Big Solar: Big Footprint
<Nevada Solar 1 concentrated solar power plant, its mirrors gleaming in the sun across almost a square miles of desert.
Continued from page 1, The Problem...
BLM has not yet started National Environmental Policy Act (NEPA) work, "but is getting close." This would include studying potential impacts on animals like the Desert tortoise and on rare plants, as well as archaeological, tribal, and historical resources.
Areas for the solar reflector plants need to be flat or less than 3% slope, although some companies say they will terrace. The land will be basically sterilized, graded. Some companies are applying for "phase 1" applications, with the intent of applying for "phase 2 and 3" projects in the future. Not all will be permitted. Other companies are "stacking" into applying for the same areas of land, if the first-in-line application company does not get permitted. For some areas there are 3 companies in line to try to get a permit for the same acreage.
To the credit of BLM and Tom Seley, BLM is trying to recommend companies use disturbed land, such as waste rock piles.
^Biologists monitor a new development in the Mojave Desert for Desert tortoise. A small fence keeps tortoises from being crushed by giant scrapers. The tortoises will be dug out of their burrows and translocated to other areas, a method that has not proven to work well for this threatened reptile -- many die from Coyote predation and drought after being moved out of their familiar home ranges.
^The completed plant: Nevada Solar One south of Las Vegas, a 75 megawatt parabolic mirror array.
^The edge of the concentrated solar power plant, Nevada Solar One, showing how creosote desert must by bulldozed and scraped away completely to build the linear reflectors.
^The parabolic trough reflectors.
^Concentrated solar power leaves a big footprint in natural habitats and is often distant from cities.
Concentrated solar power reflectors, unlike photovoltaic panels, need to be cleaned heavily out in the desert. The steam cycle requires 8% of the total water consumption in these plants, but by far the largest use is cooling towers in traditional wet-cooled plants (which will be the dominant type in the Amargosa Desert). Ninety percent of water consumption goes into the cooling system to transfer waste heat into the environment. 800 to 1,000 gallons of water are consumed per megawatt-hour. (See more on how these solar power plants work >>here.)
^Ash Meadows National Wildlife Refuge has many springs, lakes and wetlands fed by the underground aquifer in the Amargosa Desert. Endemic pupfish live in this spring.
Roughly 60,000 acres of the Amargosa Desert in California and Nevada has been targeted for solar development. Brian Brown of the Amargosa Conservancy calculated that the amount of water needed if all this happened would equal twice the annual recharge of the entire Amargosa Basin. Concentrated solar thermal power plants need 6 acre-feet of water per megawatt. Nevada Solar One in Clark County uses 400 acre-feet of water per 64 megawatts.
^Solar One Nevada reflectors heat liquid in receiver pipes that feed into a heat exchange system that makes steam to run turbines -- this generates the electricity that travels off on large powerlines. The steam generation is the same technology that coal-burning, natural gas-burning and nuclear power plants use, so these concentrated solar power plants can be hybridized to such conventional plants. Is this our future?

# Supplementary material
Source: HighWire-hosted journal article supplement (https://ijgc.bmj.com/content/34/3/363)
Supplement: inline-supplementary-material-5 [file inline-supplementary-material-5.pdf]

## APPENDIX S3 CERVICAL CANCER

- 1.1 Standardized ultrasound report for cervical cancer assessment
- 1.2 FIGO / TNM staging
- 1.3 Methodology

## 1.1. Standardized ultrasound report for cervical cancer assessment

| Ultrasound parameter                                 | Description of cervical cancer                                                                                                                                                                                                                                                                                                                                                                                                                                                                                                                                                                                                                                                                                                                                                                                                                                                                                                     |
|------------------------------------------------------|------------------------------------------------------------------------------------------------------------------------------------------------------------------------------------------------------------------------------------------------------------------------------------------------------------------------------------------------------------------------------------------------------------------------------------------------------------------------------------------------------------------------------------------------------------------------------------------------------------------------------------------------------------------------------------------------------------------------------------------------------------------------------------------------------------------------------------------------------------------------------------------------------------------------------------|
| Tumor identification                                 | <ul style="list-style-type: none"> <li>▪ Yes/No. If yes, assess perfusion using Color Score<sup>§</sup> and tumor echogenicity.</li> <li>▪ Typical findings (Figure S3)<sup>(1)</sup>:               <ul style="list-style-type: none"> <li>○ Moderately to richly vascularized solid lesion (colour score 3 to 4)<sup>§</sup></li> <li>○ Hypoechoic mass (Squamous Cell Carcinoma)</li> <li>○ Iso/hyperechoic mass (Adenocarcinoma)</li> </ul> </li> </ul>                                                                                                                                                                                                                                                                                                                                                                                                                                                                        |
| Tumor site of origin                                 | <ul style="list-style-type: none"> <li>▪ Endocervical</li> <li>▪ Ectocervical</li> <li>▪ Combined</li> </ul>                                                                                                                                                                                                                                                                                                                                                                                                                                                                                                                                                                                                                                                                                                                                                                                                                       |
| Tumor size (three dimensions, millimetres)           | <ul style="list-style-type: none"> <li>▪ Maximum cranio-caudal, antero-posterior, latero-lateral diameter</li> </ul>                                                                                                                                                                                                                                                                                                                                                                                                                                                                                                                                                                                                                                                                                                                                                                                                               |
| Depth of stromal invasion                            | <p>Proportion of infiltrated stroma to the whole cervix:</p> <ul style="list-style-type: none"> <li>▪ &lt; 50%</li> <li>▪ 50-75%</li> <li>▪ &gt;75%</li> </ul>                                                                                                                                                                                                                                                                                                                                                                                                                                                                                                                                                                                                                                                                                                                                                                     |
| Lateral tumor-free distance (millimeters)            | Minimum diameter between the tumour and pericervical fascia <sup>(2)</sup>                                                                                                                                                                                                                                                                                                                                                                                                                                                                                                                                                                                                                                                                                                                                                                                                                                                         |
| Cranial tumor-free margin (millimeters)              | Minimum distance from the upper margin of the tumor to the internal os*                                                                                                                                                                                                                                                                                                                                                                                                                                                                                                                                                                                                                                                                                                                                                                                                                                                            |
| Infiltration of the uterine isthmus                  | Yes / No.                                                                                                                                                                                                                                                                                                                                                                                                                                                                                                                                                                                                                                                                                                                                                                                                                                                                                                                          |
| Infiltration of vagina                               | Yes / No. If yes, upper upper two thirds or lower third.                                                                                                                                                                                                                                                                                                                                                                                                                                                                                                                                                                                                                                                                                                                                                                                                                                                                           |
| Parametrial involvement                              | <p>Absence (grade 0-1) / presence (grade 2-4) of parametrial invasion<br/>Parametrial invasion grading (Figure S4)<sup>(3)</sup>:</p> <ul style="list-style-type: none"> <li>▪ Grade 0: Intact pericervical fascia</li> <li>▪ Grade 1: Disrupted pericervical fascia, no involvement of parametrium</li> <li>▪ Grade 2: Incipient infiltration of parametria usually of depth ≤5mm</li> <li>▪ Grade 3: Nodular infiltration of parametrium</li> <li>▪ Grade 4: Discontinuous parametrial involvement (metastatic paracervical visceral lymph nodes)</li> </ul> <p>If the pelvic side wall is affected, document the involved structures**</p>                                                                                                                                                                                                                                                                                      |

If these large CSP plants were built next to cities they could take avantage of treating city wasteater as their source.
Most companies are going to California and Arizona first, to get sites by major existing powerlines. Nevada has a lack of powerlines, so the future cost of alternative energy should factor the cost of the transmission infrastructure in as well. Plans are being made to place major powerlines in Nevada, following the Western Energy Corridor map. One proposed powerline would come right through the middle of Oasis Valley and Beatty. BLM commented that this should be removed out of Oasis Valley wetlands and Amargosa toad habitat (a BLM sensitive species), and out of the town of Beatty. Other conflicts with local residents and biodiverse habitats will likely occur.
^Towering powerline runs off from Solar One Nevada to connect to the power corridor stretching across the desert (below).
Union leaders complained that Nevada Solar One, the Boulder City energy zone's first renewable power plant built by the Spanish company Acciona Energy, promised to hire local Nevada workers but instead hired workers from Central America "at a fraction of the cost." Councilwoman Linda Strickland said that if the city required in its contract the companies use local labor, it would be difficult to enforce. See our story on Boulder City's new photovoltaic power plant >>here.
Greenhouse Gases Will Still Be Produced
A natural gas-burning power plant lies next to the solar thermal and new photovoltaic power plants in the El Dorado Valley south of Boulder City, providing the base power for these intermittant renewable plants.
California regulations allow concentrated solar power plants to generate up to 25% of their electrical output from burning natural gas (after this the plant would be called a hybrid renewable-fossil fuel plant). The proposed 4,000-acre power tower system plant at Ivanpah Valley, San Bernardino, California, would burn natural gas at night to keep the water in the steam system warm (Desert Report, Sierra Club California/Nevada Desert Committee, December 2008:12). A natural gas pipeline would be utilized to ship fuel in from the Bighorn Generating Station, a 598-megawatt natural gas-fired power plant near Primm, Nevada.
See more photos of the beautiful Amargosa Desert>>
2/09 Update: Amargosa Solar Companies Tour the Area >>here.
3/09 Update: Solar Companies Moving on Amargosa Valley >>here.